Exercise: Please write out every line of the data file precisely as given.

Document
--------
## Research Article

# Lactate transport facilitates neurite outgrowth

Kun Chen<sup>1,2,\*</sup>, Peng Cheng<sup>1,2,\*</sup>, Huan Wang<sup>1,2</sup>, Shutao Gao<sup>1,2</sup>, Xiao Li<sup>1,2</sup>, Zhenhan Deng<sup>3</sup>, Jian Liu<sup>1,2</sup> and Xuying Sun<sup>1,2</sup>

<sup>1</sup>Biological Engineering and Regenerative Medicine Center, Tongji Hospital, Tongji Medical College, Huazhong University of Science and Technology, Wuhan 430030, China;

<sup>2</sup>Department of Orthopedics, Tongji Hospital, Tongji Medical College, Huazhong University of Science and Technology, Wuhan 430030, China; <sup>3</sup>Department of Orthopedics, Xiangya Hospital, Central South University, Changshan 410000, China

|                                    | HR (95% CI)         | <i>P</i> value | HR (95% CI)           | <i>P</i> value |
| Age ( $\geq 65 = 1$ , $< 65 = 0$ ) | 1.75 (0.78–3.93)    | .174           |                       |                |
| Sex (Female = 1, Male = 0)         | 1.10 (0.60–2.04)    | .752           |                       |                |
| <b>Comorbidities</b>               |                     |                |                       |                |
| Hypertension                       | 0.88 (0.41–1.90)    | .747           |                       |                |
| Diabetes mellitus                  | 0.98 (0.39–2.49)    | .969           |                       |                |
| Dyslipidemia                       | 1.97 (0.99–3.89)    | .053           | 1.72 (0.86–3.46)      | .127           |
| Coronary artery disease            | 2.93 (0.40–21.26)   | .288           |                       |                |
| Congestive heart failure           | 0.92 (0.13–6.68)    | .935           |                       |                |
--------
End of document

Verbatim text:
## Research Article

# Lactate transport facilitates neurite outgrowth

Kun Chen<sup>1,2,\*</sup>, Peng Cheng<sup>1,2,\*</sup>, Huan Wang<sup>1,2</sup>, Shutao Gao<sup>1,2</sup>, Xiao Li<sup>1,2</sup>, Zhenhan Deng<sup>3</sup>, Jian Liu<sup>1,2</sup> and Xuying Sun<sup>1,2</sup>

<sup>1</sup>Biological Engineering and Regenerative Medicine Center, Tongji Hospital, Tongji Medical College, Huazhong University of Science and Technology, Wuhan 430030, China;

<sup>2</sup>Department of Orthopedics, Tongji Hospital, Tongji Medical College, Huazhong University of Science and Technology, Wuhan 430030, China; <sup>3</sup>Department of Orthopedics, Xiangya Hospital, Central South University, Changshan 410000, China

|                                    | HR (95% CI)         | <i>P</i> value | HR (95% CI)           | <i>P</i> value |
| Age ( $\geq 65 = 1$ , $< 65 = 0$ ) | 1.75 (0.78–3.93)    | .174           |                       |                |
| Sex (Female = 1, Male = 0)         | 1.10 (0.60–2.04)    | .752           |                       |                |
| <b>Comorbidities</b>               |                     |                |                       |                |
| Hypertension                       | 0.88 (0.41–1.90)    | .747           |                       |                |
| Diabetes mellitus                  | 0.98 (0.39–2.49)    | .969           |                       |                |
| Dyslipidemia                       | 1.97 (0.99–3.89)    | .053           | 1.72 (0.86–3.46)      | .127           |
| Coronary artery disease            | 2.93 (0.40–21.26)   | .288           |                       |                |
| Congestive heart failure           | 0.92 (0.13–6.68)    | .935           |                       |                |